Dwight & Nicole took the night from shithouse to penthouse (a putrid, suburban Lite FM act had preceded them) in the span of seconds. A cynic might consider them a lounge act, but a closer listen reveals them to be the real thing, a completely authentic, 1960s style soul act. Dwight Ritcher was battling a nasty cold, but he still managed to nail his harmonies and play his Flying V guitar with a virtuosic, purist touch, very reminiscent of Steve Cropper. Nicole Nelson is the real deal, a genuine soul singer with a subtle, jazzy touch, stylistically evocative of Sharon Jones at her gentlest, or Dinah Washington in straight-ahead mode. Tonight she didn’t use any melisma, and hardly any vibrato, and held back from belting until she really needed to go to the well. When she did, it was spine-tingling. Ritcher and Nelson have the kind of intuitive chemistry that comes with toiling night after night in dives of all kinds, and it was clear that she was making up a lot of her lyrics on the spot. Yet she sang them as if she’d been living in them her whole life. Exuberance, joy, sadness, heartbreak: every emotion she tackled, she nailed them all.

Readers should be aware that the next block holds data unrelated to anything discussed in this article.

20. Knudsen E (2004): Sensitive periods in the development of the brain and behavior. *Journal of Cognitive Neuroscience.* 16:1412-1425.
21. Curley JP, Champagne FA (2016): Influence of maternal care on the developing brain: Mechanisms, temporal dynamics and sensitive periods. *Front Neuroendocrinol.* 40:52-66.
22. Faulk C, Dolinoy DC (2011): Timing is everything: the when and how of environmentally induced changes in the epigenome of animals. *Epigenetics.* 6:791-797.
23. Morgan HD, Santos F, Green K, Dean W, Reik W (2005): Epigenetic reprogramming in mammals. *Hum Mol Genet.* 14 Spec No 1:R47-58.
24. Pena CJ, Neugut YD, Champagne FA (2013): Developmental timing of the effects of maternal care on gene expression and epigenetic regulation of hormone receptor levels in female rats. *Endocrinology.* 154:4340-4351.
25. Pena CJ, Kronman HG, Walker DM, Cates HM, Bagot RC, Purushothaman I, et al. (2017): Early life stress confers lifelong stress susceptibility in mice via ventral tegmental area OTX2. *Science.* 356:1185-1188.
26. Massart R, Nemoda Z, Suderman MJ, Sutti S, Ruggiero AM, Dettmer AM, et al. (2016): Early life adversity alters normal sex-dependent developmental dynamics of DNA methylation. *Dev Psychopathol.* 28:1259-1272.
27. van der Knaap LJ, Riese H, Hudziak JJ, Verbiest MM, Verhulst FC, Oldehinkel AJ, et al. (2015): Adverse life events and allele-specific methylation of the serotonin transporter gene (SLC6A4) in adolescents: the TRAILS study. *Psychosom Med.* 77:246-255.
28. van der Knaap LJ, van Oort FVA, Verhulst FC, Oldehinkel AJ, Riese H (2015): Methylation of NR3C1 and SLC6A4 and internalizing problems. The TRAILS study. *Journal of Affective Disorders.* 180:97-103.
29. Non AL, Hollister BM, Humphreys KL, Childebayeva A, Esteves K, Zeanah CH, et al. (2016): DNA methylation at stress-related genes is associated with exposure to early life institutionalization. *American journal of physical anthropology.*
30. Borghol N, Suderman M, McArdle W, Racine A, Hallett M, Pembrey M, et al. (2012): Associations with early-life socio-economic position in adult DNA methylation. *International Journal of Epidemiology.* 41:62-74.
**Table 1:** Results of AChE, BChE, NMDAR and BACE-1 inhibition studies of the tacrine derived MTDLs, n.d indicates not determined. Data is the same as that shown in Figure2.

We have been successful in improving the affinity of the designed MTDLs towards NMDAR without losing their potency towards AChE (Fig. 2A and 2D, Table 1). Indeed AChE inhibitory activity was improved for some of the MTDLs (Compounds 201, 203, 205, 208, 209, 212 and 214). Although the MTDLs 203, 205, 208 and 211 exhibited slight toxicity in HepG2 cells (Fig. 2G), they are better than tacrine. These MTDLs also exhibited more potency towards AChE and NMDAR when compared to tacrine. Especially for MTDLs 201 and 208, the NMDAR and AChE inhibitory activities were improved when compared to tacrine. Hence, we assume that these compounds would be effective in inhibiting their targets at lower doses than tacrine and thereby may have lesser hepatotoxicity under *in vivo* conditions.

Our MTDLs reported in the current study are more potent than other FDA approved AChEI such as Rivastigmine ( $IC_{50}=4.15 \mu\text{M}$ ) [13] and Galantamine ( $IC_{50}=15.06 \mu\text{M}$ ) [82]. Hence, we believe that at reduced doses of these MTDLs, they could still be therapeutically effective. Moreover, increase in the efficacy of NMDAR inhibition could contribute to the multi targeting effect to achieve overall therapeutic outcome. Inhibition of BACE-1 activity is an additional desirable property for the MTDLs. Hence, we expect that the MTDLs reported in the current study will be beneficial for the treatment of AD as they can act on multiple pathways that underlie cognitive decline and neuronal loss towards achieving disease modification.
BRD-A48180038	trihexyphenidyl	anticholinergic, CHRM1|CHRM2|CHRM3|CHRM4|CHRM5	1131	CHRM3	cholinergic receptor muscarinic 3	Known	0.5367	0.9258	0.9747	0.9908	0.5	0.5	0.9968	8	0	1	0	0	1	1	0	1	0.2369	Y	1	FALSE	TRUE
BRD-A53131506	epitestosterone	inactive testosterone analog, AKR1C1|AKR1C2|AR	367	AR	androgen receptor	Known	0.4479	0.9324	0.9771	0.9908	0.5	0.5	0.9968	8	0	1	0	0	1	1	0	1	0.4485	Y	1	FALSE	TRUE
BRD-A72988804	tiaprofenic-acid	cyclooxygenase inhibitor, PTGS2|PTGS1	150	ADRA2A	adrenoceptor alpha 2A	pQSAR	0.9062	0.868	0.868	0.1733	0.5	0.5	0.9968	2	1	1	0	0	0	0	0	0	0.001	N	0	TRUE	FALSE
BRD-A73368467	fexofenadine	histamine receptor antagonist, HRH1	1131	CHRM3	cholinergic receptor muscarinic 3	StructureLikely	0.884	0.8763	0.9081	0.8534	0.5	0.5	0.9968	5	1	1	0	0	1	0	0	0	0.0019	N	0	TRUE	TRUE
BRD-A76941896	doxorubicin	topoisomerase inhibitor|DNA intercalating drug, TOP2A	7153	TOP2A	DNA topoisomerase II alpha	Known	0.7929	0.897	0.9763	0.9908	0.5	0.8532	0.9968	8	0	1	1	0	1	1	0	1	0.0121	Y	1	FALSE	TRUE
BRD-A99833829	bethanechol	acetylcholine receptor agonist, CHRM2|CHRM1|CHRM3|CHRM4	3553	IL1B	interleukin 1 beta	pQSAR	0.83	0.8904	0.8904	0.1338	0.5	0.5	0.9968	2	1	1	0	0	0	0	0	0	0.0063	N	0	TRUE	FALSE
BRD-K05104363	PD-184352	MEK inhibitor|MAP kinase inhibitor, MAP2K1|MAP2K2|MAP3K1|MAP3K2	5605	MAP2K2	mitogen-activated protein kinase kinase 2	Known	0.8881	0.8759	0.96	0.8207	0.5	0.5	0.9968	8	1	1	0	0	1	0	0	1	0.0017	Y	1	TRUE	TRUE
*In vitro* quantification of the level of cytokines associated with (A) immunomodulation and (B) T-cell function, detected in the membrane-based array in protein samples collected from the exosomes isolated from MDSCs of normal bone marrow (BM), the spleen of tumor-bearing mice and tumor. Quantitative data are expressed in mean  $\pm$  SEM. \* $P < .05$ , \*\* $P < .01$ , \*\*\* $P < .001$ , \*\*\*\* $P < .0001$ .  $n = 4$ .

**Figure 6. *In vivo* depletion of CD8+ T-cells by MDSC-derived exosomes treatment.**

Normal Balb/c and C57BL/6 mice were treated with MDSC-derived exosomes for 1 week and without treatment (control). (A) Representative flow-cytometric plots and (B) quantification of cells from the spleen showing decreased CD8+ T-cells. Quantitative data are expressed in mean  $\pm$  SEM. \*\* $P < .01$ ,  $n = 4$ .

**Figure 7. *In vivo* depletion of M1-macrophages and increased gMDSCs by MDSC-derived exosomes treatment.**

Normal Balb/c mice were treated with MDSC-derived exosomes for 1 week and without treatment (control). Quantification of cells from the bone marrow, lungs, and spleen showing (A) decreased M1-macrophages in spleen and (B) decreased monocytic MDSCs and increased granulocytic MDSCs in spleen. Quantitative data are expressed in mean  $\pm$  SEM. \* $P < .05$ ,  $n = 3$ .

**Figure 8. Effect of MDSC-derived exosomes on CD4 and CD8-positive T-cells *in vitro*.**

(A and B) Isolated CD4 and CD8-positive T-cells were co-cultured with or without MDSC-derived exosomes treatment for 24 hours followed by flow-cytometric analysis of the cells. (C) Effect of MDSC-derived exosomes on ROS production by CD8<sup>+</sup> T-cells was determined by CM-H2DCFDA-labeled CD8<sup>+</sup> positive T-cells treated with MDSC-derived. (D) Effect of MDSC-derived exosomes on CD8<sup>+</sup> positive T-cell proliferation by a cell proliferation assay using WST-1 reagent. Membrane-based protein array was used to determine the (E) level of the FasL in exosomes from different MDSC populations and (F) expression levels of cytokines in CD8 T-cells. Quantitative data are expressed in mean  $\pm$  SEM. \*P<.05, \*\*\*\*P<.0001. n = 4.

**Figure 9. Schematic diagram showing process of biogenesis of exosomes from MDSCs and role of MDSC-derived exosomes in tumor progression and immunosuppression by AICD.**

The duo also have a deep feel for the blues. They recast Slim Harpo’s Hip Shake as a slinky, seductive soul number, and did a spot-on version of the Muddy Waters classic Honeybee. The most delightful thing about the original is the counterintuitive, staccato way Waters used his low E string to punctuate the phrases. Ritcher obviously knows the song well: his playful, purist take would have made Muddy proud. At the end of the night (the duo played between the other bands’ sets and then again after pretty much everybody had left), Ritcher moved to piano and, after some urging, Nelson picked up his guitar. She ought to play more: with her impeccable sense of melody and good taste, one can only imagine how good she’d sound if she could work up a few songs, or a few vamps.